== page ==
Mountain feats of the sisterhood

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Publish Time: 2019-11-18 Author: Fang Aiqing From: China Daily

Drive for ecological and economic change leads to women's emancipation

In Jiabi village it seems that the sisterhood holds up at least half the sky, and a fair amount below it as well.

The village in question is located high up in the mountains of Dechen county, in the northwest of Yunnan province, and the women in question are a group that goes by the name of the Sorority.

Their participation in community affairs through the group has helped the village conserve its biodiversity and lift the living standards of its inhabitants.

It is something that excites Yin Lun, an ethno-ecologist who has done fieldwork in ethnic Tibetan communities in the eastern Himalayas, where the county is located, for 15 years.

In fact, so excited is Yin with the project that it occupied a large chunk of a speech he delivered at the Paris Peace Forum in the French capital that ran from Monday to Wednesday. More than 100 projects presented at the forum were selected from more than 700 candidate submissions from 115 countries.

The annual forum was initiated by French President Emmanuel Macron last year to discuss and debate global governance issues and solutions to problems in fields such as peace and security, development, environment, new technologies, the inclusive economy, culture and education.

Protection of biodiversity, an issue to which China and France attach great importance, was one of the forum's most important topics this year.

The two countries co-issued an initiative on biodiversity conservation and climate change on Nov. 6 during a three-day visit that Macron made to Beijing.

In it the two reiterated their determination to ensure the Paris Agreement is implemented and to jointly work on preparing for the 15th meeting of the Conference of the Parties to the Convention on Biological Diversity which, will be held in Kunming, Yunnan's capital, next year.

Among the many academics committed to protecting biodiversity and tackling climate issues is, Yin, 45, a researcher at the Yunnan Academy of Social Sciences, who is from the Bai ethnic group and whose wife is an ethnic Tibetan. He is one of few people who have entered the field by observing the traditional cultural legacy of ethnic groups in China.

In Jiabi village the Sorority's counterpart for men is called the Arrow Association.

The original goal of both organizations was to organize and raise funds for village entertainment, and it later branched out to provide public services such as road building and clearing.

The Sorority was founded more than 20 years ago, and the values that the Arrow Association espouses have been around for many decades, being passed down through the generations. It was only after the Sorority was founded that the Arrow Association became more of a formal group.

The two organizations support each other with labor and funds, said Renchen Phuntsok, whose wife Choszom has been in charge of the Sorority for more than a decade. She speaks only Tibetan, and her husband interpreted for her when she spoke to China Daily.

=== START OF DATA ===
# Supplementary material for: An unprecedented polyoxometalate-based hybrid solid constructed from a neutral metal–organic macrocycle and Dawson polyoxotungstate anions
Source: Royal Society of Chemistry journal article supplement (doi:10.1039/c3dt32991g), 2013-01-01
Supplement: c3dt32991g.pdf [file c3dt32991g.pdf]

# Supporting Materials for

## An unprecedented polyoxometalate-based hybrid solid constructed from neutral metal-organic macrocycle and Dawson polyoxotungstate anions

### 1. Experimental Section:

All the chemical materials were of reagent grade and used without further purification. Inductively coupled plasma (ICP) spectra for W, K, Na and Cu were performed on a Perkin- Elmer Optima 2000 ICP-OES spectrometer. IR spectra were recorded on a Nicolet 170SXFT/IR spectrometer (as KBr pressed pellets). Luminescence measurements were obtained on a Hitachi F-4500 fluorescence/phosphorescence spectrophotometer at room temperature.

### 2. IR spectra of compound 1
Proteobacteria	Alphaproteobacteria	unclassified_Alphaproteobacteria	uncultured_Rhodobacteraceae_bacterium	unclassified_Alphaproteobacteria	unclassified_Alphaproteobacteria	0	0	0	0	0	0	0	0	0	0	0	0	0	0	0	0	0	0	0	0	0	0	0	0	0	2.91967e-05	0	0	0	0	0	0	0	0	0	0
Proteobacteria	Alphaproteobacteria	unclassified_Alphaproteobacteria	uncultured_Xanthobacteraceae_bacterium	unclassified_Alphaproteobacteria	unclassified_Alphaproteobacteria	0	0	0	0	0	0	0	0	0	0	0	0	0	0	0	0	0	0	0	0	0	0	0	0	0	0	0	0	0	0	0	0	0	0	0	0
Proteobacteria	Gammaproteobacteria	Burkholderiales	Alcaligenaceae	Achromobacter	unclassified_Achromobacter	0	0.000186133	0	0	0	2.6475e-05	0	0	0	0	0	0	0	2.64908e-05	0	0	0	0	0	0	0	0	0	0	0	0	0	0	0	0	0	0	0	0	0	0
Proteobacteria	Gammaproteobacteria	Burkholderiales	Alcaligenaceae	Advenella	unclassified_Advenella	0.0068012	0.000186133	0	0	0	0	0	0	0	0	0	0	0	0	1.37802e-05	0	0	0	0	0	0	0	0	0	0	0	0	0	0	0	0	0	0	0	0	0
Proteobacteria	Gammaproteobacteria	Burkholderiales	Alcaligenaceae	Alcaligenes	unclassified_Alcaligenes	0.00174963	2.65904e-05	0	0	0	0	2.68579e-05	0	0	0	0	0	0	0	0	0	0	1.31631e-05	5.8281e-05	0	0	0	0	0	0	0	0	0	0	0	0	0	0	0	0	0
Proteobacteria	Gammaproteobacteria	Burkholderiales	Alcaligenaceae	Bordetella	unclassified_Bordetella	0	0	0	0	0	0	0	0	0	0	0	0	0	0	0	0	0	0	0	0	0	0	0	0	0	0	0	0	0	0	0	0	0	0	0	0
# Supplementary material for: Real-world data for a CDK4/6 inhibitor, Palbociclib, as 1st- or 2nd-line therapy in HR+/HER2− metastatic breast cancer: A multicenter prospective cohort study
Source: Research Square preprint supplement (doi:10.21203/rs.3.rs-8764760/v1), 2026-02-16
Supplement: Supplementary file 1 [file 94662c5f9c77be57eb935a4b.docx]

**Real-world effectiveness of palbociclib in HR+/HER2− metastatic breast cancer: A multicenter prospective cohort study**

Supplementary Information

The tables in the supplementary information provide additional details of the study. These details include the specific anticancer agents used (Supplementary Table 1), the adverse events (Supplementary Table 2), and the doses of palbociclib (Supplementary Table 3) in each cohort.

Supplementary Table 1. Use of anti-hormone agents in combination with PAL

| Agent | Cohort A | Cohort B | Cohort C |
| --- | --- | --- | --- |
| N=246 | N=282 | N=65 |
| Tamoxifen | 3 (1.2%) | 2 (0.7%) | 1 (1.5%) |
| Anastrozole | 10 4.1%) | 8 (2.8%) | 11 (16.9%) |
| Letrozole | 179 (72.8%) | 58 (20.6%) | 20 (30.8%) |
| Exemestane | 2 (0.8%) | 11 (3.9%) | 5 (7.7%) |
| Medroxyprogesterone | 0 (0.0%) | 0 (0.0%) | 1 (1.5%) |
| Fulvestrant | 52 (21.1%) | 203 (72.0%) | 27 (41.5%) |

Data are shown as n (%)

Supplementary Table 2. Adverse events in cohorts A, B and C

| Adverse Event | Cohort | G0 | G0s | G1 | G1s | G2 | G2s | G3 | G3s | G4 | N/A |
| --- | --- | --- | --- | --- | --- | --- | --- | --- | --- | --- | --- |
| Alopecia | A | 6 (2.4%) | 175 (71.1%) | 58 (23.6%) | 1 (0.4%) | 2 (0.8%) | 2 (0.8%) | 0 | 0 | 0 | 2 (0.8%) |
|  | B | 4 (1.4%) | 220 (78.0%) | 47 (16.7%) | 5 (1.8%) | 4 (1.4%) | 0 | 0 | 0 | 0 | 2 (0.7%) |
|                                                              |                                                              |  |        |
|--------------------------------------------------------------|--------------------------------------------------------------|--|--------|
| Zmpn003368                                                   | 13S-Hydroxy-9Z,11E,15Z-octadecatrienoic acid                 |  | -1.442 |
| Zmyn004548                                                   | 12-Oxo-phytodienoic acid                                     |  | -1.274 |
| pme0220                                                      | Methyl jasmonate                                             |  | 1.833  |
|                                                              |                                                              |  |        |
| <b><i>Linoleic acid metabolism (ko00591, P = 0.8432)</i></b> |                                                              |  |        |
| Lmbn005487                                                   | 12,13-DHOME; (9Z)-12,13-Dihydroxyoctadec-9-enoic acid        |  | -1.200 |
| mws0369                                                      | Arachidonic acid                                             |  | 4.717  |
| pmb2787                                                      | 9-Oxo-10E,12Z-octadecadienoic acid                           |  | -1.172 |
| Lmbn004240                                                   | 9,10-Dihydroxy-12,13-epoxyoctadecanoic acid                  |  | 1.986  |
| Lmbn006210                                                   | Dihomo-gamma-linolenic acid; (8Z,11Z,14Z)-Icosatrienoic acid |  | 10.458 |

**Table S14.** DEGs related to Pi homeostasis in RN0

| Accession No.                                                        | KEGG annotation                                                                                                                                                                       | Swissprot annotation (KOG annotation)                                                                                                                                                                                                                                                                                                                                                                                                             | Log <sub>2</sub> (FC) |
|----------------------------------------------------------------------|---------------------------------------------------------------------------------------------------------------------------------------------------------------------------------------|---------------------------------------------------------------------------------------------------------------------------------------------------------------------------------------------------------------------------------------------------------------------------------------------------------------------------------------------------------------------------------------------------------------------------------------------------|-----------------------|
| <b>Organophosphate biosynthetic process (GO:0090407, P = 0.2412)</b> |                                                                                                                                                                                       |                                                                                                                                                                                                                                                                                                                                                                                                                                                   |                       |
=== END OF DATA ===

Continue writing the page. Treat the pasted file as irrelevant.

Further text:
Apart from Choszom, six other women, each from one of the village's 30 families, take turns shouldering the responsibility of things such as organizing group events, bookkeeping and handling money.

The members help each other arrange weddings and funerals and build their houses, the latter of which may take several years. As they do all of these things they are obliged to follow rules such as wearing traditional Tibetan attire during festivals and rituals. Great store is also put by punctuality, and anyone who is late for an event is fined.

Yin went to the village 15 years ago to do research on his doctoral thesis, on the Tibetan tradition of polyandry, in which a woman has more than one husband. He lived with Renchen Phuntsok's family and in busy times helped them with the farm work.

He also encouraged villagers to carefully note the characteristics of the local environment with their own eyes and ears. In so doing they were able to record even the subtlest changes in nature over half a century.

In groups, men focused mainly on climate change, natural disasters and building traditional dwellings that requires using natural resources, and women worked on assessing forest fungus resources and controlling the excessive collection of matsutake, or pine mushroom.

The project was carried out under the auspices of the Center for Biodiversity and Indigenous Knowledge in Kunming, for which Yin served as a project assistant when the project began. He is now director of the center's project management department.

He recalls the first years in the village when the center helped villagers build irrigation systems and install plumbing and gave them financial support so they could buy and install solar water heaters. In that enterprise the women gave full play to their forte of being able to identify high-quality products and beat down the prices that suppliers were asking.

They also did well as forest rangers, catching those engaged in inappropriate wood chopping and medicinal herb digging, he says.

Yin says one of his prime goals was to encourage locals to take the initiative in such projects. He took them to Dali, Yunnan province, to see how the locals bred chickens and pigs, how they ran handicraft workshops, and how the community worked to support one another.

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